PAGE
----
An unscheduled tour of The Fens

Summary

After getting up at 5:45am & only realising I had got the CommsCamp14 conference day a week early when the train left Ely (north of Cambridge), I decided to go on a mini tour…starting with Peterborough

Exactly – after spending too much on the train ticket. But rather than going home, & with a school governors meeting scheduled for the evening, I asked myself what the least stressful and most productive way of spending the day could be. Having been meaning to visit Peterborough Cathedral for many years, I thought no time like the present.

Peterborough deserves a better railway station

It’s not a ‘St Pancras International’, & never has been. But for a city that is effectively ‘the gateway to the Fens from the north’, Peterborough really could do with a railway station that tells the passing traveller that ‘this is a place to do business’. It doesn’t do that at all. Mind you, neither does Cambridge. A couple of glass and corrugated metal tubes over the fairly large number of tracks is all it is. A sort of upside-down Clapham Junction if you will.

It was still very early (by my standards) by the time I wandered round to the cathedral grounds. The first thing I noticed was how fresh the air was – a damn sight more fresh than the air in Cambridge. My A-level geography recalls that as my bit of Cambridge sort of sits in the middle of a gentle trough, we don’t get much fresh air round here.

Cathedrals as statements to the people

Historically in these parts, the Cathedrals of Peterborough and Ely (along with Kings College Chapel) were the buildings that dominated the local area. Religion aside, they are repositories of our region’s local history. (That region being East Anglia - A list of cathedrals is here). That’s what fascinates me as a historian-at-heart.

Film skool homework

Last week, we played around with big studio lights to get a better idea of how lighting has an impact on filming. One of the things we were told was that early morning light is the best for filming and photography. It was only when I walked through the doors of Peterborough Cathedral did this make sense.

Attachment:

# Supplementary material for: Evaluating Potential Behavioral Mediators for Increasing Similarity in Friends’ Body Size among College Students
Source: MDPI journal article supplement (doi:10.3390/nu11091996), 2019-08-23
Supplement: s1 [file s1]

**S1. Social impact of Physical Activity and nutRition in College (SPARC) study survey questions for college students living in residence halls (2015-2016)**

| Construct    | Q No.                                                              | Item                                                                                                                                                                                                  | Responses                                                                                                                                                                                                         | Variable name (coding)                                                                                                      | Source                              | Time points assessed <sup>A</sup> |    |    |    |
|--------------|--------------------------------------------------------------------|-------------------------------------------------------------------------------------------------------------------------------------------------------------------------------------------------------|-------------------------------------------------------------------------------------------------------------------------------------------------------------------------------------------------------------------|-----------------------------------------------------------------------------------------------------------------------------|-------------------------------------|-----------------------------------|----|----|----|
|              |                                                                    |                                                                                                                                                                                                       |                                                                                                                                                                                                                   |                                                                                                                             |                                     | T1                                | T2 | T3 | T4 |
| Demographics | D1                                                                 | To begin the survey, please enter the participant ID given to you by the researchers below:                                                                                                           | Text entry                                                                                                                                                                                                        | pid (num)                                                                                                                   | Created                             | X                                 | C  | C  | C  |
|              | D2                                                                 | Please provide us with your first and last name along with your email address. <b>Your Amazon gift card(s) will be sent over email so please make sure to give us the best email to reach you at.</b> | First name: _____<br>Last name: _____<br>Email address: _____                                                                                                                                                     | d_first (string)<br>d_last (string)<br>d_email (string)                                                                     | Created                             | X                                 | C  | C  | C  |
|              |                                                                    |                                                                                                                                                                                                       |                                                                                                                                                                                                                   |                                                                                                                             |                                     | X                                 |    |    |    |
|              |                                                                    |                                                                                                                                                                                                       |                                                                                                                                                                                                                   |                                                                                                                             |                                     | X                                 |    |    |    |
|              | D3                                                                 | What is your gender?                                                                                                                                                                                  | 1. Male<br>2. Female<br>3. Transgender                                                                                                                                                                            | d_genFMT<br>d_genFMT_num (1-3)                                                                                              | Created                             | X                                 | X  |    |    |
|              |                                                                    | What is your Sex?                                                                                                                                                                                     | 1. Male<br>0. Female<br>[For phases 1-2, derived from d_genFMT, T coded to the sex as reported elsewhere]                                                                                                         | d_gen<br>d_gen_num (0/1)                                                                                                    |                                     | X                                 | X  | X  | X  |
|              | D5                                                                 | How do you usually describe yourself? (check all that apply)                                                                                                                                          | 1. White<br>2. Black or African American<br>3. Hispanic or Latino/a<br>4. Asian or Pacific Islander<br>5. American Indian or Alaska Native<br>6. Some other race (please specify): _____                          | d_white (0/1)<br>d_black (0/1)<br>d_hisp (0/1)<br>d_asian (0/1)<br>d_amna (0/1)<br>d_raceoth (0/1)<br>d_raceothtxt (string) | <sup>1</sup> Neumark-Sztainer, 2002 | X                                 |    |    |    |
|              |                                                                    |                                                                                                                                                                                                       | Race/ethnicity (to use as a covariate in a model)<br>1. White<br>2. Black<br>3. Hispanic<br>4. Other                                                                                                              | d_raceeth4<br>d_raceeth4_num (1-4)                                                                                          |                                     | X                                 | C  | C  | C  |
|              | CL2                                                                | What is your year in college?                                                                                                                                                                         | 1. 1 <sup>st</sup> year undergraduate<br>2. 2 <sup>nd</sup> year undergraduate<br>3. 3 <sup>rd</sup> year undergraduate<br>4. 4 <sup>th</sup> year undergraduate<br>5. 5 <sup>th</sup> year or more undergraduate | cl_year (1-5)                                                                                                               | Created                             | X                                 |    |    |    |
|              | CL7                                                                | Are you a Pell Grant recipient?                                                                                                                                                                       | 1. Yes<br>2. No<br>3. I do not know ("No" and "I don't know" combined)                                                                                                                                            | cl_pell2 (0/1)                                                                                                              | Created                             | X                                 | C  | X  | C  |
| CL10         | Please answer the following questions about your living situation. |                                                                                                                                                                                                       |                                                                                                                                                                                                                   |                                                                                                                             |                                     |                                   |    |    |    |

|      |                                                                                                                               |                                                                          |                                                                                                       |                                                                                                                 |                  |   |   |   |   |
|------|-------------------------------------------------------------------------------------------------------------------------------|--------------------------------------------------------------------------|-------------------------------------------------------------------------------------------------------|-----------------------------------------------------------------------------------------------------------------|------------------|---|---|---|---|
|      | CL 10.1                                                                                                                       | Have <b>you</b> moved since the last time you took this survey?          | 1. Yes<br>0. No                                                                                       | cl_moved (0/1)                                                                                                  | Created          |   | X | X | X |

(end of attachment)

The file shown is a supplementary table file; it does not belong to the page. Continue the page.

Early morning sunlight...or an angel at the other end of the cathedral? ;-)

Early morning sunlight…or an angel at the other end of the cathedral? ;-)

 

 

 

The above photograph was taken with a mobile phone. It was as I was photographing the interior that I also understood the difference that a top-of-the-range camera can have. I tried a series of different shots – most of which were unsuccessful quality-wise. For a building as grand as this, you need the kit and the skills to match. And I have neither.

Panorama

The above is an attempted panorama from one side to the other, using a mobile phone. The strange thing for me here is that pre film skool, I don’t think I’d have even attempted a shot like this.

PBoroReflection

The striking thing about this one (above) for me was the colourful light from the stained glass – again it was more powerful visually in person. We sometimes get the sense of cathedrals being dark, vast and gloomy places without artificial light. In popular film, I always get the sense (perhaps linked to manipulative clerical figures in dramas) that this imagery of the buildings are portrayed in that sense to reflect the clerical characters.

Katharine of Aragon's tomb - the fruits there are pomegranates

Katharine of Aragon’s tomb – the fruits there are pomegranates

 

 

Finally, there was Katharine of Aragon’s tomb – something I wanted to see if anything just to get a: “It really happened” sense of tudor history.

The photos above don’t do what I saw ‘justice’ visually

But the difference between this visit and my previous attempts to capture images of interesting buildings is that I have a better understanding of process and what to look out for. In particular the need to take lots of photos in order to find ‘the one’.

Then the organist started playing

In most places, playing anything that loud would have got you arrested – but not here. Again, recorded on a mobile phone, have a listen.

Now, I’m not the greatest organ music fan, but even this made me stop in my steps.

Next stop, Wisbech

It’s taken a kicking in the press of late (eg here in The Guardian). I’d been meaning to go there for quite some time anyway because of an interest in what linking Wisbech up with Cambridge by rail could do for both places. This was something I mentioned in my manifesto in the local elections of May 2014.

One thing that was noticeable was the number of national flags flying compared to the south of the county. North Cambridgeshire is a Tory vs UKIP battleground (the latter with councillors representing the town) – a battle that helped squeeze out the Greens and Lib Dems from taking the final Euro Parliament seat. I noted the flood risk posters (along with appeals for volunteers to help teach basic IT skills) in the local library and council buildings. Put this together with UKIP’s electoral success in this part of the county alongside the lack of a party manifesto for the Euro elections along with a record of climate change scepticism and you get the sense that what’s going on here politically does not match the assumptions of the London politics and policy bubble.